The solution data-driven marketers use to block 80% of invalid clicks and take back control of their ad spend with real-time click protection and customizable rules for every need

Enter ClickGUARD. Our company was created because Ralph Perrier was driven by his desire to know exactly who was behind each ad click, the reason why the click happened, and what was happening after the click on his company’s website

who what why

This is why ClickGUARD is different from turnkey solutions in 3 key ways:

1. Our users are fully in control of advanced configuration settings, such as rules and thresholds determining who gets to see their ads and when.

2. In addition to protecting our clients from fraudulent clicks, we help them identify and block low-performing and generally wasteful traffic to optimize ad performance.

3. Our clients have full access to click logs and user behavior data to adjust campaign rules and thresholds based on industry-specific user behavior.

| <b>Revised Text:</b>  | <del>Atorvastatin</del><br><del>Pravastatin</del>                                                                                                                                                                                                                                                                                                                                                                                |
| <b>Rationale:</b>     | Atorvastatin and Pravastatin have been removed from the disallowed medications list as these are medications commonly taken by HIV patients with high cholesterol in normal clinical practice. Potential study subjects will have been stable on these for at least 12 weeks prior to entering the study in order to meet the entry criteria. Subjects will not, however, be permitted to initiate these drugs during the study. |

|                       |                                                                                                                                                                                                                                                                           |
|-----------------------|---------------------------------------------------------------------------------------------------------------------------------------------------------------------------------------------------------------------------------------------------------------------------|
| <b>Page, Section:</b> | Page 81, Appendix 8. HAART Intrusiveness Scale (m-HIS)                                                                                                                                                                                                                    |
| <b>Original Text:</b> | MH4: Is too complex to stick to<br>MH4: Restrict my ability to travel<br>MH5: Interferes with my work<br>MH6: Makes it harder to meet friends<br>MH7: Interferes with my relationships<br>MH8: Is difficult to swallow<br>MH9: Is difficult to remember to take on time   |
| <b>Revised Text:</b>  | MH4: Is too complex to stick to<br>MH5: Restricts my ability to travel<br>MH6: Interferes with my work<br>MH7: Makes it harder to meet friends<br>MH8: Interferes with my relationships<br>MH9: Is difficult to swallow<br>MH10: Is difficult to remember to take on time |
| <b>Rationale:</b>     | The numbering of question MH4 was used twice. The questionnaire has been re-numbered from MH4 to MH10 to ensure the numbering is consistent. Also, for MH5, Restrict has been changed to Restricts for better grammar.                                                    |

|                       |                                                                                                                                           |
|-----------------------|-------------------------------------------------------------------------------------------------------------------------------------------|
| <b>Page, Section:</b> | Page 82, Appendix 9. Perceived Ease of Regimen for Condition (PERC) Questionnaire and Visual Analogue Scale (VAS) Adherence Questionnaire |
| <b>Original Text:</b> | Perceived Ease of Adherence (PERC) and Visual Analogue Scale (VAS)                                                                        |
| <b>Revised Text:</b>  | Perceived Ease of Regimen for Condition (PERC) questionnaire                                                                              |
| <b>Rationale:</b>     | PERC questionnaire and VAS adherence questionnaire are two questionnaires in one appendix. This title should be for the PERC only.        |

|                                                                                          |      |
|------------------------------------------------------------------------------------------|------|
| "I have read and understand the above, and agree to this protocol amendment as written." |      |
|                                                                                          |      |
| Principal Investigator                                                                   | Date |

Each ClickGUARD feature plays a specific role in protecting your ad campaigns from fraudulent and wasteful clicks, from advanced rule templates and options to block click sources for all campaigns to extensive reports and tracking for post-click behavior. You can create a number of automated rules where you combine these metrics to detect low performing and non-converting ad clicks and block their sources from seeing or interacting with your ads.

The results speak for themselves: our customers report conversion rates increase by up to 27% in the first month, and a 17% to 41% decrease in CPA.